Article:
Working with kids and dogs on a film set

My film school doesn’t allow students to work on school projects with kids or animals until thesis year. Which I consider ridiculous. Even as extras, they’re part of the fabric of society and as a director, if you don’t know the pitfalls from personal experience, you’re useless for most mainstream projects and many indie things. And why would you want to be learning this thing while making your final project – your industry calling card? Anyhow. I don’t need film school to make films, luckily. And I’ve been curious about childhood lately – not in a morbid way, but because there was some crazy innocence in me deciding to spend my retirement savings and everything else becoming a filmmaker. And actually, kids take direction really well, at least, Storm and Layla did.

After the final shot. Everybody was still hanging round because my mom, who was the most amazing host, was giving us all cake and getting everybody to sign her table cloth. Long story about the tablecloth that involves embroidery.

What surprised me, after the whole experience, was how great it was to work with kids – at least, the kids I got to work with. I had done it before – helping a summer school USC student as AD, and thought I just got lucky with that child. And I assumed I’d struggle. But Layla and Storm were twice as professional as the average over-40 prima-donna LA veteran. Storm (who knows his way around a set) even insisted on slating for us because he has this boundless energy. Layla (who has never done film before) was a natural storyteller, so I asked her to improv a lot of scenes. It’s just play. It has to be honest. That’s not different to directing adults. The biggest thing I struggled with was not swearing, cause I swear a lot.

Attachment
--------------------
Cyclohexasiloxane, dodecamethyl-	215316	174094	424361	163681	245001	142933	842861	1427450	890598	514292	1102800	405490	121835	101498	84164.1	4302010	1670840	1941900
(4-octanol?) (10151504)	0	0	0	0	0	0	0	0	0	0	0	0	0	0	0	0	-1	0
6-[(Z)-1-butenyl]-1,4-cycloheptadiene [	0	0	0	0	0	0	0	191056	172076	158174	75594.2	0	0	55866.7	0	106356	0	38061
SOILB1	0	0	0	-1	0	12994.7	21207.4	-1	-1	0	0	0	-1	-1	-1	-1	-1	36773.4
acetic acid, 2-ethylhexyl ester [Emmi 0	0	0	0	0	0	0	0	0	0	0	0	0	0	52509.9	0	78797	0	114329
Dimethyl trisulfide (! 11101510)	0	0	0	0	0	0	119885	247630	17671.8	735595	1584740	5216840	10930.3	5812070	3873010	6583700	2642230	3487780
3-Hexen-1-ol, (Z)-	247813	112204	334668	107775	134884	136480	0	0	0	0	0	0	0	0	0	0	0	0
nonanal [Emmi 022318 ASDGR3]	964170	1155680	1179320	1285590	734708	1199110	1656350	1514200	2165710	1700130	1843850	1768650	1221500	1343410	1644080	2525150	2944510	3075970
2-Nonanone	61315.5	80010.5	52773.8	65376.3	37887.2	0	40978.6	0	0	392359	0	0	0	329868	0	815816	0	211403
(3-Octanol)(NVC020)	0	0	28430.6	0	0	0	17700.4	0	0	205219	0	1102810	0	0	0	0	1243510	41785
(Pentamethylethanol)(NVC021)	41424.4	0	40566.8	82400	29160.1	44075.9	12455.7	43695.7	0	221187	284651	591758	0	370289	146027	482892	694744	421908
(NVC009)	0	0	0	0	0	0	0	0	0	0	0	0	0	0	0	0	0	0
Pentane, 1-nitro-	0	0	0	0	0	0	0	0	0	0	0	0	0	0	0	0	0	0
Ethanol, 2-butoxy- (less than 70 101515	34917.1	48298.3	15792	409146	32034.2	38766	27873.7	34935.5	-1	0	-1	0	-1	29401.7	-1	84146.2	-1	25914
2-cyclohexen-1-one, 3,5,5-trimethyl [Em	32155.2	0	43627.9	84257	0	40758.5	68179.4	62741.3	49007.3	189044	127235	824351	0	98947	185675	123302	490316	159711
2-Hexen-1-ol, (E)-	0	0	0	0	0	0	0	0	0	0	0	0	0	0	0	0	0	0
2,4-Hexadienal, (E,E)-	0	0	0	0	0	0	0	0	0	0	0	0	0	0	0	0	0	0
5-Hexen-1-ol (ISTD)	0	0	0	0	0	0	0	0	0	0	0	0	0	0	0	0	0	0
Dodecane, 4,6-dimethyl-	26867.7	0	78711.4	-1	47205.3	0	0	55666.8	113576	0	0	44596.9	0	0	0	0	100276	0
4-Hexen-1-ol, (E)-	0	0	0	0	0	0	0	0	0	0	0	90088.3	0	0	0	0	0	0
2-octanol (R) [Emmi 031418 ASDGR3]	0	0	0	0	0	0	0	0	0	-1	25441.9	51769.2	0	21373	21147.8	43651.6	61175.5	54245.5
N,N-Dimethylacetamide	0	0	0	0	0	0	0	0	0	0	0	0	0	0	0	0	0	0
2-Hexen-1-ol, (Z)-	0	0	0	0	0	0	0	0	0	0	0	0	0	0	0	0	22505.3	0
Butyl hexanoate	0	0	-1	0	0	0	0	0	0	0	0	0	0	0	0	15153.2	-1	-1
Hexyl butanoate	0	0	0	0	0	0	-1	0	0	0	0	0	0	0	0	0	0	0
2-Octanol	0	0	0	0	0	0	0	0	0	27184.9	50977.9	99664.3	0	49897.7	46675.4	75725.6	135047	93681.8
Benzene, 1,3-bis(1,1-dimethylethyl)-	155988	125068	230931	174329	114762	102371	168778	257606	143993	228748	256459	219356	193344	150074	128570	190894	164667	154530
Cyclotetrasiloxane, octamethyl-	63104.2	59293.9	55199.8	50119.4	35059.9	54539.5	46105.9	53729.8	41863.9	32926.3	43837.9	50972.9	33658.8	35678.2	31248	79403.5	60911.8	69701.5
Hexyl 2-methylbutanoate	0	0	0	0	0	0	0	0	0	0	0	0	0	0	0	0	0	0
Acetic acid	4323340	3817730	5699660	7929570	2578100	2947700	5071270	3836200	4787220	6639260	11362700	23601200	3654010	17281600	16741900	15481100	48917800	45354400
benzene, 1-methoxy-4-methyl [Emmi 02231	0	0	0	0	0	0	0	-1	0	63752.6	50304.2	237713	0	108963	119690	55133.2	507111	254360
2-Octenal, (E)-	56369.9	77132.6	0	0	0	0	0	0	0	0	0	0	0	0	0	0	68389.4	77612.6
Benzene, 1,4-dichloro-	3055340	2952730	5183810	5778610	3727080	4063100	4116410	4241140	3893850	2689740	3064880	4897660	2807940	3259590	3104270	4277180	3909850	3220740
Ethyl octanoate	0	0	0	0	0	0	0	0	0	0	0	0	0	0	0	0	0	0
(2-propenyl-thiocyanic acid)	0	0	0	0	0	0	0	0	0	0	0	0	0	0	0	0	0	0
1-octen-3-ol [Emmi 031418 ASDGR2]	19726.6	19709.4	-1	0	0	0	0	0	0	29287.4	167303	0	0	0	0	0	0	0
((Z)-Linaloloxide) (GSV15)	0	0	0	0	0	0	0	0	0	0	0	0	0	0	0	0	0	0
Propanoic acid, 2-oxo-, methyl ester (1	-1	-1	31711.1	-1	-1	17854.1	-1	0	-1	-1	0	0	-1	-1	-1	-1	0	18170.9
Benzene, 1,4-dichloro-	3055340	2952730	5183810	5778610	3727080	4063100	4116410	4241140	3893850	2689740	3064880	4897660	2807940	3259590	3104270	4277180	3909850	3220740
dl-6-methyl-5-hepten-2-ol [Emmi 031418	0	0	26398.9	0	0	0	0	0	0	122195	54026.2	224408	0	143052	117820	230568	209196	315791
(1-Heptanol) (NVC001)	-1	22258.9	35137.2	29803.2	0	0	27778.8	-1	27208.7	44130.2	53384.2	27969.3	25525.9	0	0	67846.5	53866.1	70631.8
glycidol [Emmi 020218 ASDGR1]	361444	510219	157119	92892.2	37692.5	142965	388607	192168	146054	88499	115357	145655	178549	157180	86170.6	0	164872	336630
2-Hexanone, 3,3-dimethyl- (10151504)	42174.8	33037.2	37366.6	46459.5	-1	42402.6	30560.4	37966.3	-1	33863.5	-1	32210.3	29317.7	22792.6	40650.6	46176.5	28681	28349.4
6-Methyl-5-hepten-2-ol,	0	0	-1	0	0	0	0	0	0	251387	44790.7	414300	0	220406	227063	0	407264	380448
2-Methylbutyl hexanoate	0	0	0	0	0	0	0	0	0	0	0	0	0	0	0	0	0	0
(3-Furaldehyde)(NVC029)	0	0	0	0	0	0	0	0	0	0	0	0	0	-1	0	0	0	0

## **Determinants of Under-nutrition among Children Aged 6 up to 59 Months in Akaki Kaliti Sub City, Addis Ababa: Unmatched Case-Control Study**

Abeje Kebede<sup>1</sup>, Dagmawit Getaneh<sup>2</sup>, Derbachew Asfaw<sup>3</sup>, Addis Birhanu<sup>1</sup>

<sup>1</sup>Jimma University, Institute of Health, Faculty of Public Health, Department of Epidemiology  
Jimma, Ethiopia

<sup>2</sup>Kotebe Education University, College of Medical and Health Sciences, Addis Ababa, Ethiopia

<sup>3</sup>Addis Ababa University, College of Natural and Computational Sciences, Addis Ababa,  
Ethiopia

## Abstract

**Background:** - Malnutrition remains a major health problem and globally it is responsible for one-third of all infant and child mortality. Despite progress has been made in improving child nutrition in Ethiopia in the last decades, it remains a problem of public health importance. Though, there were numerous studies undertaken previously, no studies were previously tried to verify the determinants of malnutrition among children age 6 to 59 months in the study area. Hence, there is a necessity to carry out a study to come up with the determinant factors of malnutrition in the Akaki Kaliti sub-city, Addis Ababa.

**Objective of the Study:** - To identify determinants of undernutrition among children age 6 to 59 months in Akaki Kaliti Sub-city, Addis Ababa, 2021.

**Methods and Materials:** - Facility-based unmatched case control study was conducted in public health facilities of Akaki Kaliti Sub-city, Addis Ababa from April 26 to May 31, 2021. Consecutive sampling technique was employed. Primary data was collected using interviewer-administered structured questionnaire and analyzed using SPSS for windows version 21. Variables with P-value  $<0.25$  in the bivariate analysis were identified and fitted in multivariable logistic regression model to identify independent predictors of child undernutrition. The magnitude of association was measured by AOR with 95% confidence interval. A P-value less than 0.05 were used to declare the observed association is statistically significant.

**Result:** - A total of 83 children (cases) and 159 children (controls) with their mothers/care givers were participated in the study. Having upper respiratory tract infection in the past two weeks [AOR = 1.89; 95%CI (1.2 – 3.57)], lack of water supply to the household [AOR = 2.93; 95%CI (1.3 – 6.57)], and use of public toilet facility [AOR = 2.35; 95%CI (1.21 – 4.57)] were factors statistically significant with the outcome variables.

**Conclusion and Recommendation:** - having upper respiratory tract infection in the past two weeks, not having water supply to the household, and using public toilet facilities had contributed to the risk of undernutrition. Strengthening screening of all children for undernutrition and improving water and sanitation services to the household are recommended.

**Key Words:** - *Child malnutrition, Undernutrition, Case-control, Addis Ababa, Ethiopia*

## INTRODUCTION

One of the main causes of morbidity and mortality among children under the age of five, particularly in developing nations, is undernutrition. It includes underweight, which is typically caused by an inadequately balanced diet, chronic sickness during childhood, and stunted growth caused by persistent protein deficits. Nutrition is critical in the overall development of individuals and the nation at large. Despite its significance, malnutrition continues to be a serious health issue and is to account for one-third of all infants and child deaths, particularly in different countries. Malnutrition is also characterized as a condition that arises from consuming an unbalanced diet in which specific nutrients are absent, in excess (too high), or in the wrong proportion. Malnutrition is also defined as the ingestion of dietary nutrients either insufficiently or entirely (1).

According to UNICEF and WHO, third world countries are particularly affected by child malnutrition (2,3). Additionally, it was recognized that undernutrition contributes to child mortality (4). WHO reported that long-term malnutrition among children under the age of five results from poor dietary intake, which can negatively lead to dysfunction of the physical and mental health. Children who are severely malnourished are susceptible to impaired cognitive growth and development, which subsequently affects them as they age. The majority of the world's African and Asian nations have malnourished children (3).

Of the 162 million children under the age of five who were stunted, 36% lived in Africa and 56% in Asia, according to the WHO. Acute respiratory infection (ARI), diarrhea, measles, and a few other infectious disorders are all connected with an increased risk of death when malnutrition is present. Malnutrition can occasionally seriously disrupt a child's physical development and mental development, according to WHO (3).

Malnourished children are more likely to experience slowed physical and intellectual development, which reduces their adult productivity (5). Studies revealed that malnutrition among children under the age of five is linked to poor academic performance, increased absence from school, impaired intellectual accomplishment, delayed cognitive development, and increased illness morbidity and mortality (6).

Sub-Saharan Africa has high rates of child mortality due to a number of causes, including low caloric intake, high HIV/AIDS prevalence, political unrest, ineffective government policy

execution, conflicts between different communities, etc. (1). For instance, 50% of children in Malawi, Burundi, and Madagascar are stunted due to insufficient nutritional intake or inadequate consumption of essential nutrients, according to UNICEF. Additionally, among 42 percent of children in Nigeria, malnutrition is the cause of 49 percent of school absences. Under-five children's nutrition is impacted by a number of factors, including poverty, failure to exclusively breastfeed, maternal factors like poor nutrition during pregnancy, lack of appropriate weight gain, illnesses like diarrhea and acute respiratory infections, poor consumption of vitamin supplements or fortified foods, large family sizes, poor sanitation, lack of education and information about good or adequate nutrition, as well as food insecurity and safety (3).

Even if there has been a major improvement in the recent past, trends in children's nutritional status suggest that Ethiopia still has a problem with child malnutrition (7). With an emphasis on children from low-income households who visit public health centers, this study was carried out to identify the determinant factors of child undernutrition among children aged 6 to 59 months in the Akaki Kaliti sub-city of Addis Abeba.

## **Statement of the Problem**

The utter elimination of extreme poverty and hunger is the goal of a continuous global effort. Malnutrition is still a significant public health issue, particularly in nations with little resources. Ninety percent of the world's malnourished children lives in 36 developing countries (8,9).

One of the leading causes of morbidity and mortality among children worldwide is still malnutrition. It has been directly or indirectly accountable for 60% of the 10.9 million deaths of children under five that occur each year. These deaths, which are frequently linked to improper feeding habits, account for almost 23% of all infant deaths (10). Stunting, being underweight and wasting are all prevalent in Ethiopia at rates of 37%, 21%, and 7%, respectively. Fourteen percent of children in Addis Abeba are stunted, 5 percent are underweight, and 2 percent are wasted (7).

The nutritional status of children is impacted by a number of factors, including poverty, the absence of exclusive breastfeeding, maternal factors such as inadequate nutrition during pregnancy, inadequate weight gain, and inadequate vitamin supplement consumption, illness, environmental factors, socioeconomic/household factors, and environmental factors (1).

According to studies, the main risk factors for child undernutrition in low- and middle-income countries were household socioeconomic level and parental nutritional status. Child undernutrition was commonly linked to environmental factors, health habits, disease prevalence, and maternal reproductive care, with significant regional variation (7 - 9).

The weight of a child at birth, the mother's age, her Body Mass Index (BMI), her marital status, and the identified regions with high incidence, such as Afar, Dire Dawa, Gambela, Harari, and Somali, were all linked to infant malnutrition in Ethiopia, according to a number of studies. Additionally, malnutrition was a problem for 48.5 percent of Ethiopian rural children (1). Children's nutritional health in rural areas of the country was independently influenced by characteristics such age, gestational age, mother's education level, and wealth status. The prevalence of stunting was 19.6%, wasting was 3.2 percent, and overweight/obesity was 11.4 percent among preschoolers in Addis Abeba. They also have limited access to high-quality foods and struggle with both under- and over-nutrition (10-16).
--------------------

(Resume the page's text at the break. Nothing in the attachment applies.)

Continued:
Dogs? Well that’s a lot more difficult.

My amazing crew – most of whom were also new to film – seemed to get that this was our film, not mine. For that, I’m eternally grateful.

I’m glad I tried making a film in South Africa. It’s different in so many ways to the USA – from what equipment is called to what is expected of roles. To the fact that here, I have a community, and there, I’m nobody to most people. I am sure it’s the best thing I’d done. And when I say I, I mean we. My producer, Ashlin Simpson, was so determined and fought against all odds to get this done. When budget issues hit us, we needed to cut the parents and she suggested using Cow and Chicken POV, so crew members could step into the roles. A creative solution to a financial problem.

My Director of Photography shotlisted with me days in advance, walked the location, talked story, gave days of his time… and brought his experience and expertise to the set.

My Assistant Director Michael Klein noticed performance issues and pointed them out when I was distracted by random problems. He ran the show without shouting.

Yay, filmmaking. In South Africa. Yay, getting up at 4.30am. Yay making something that didn’t exist before.

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One Response to “Working with kids and dogs on a film set”

  1. queen Says:

    children get a bad rap – they are awesome. we all started out as children anyway…

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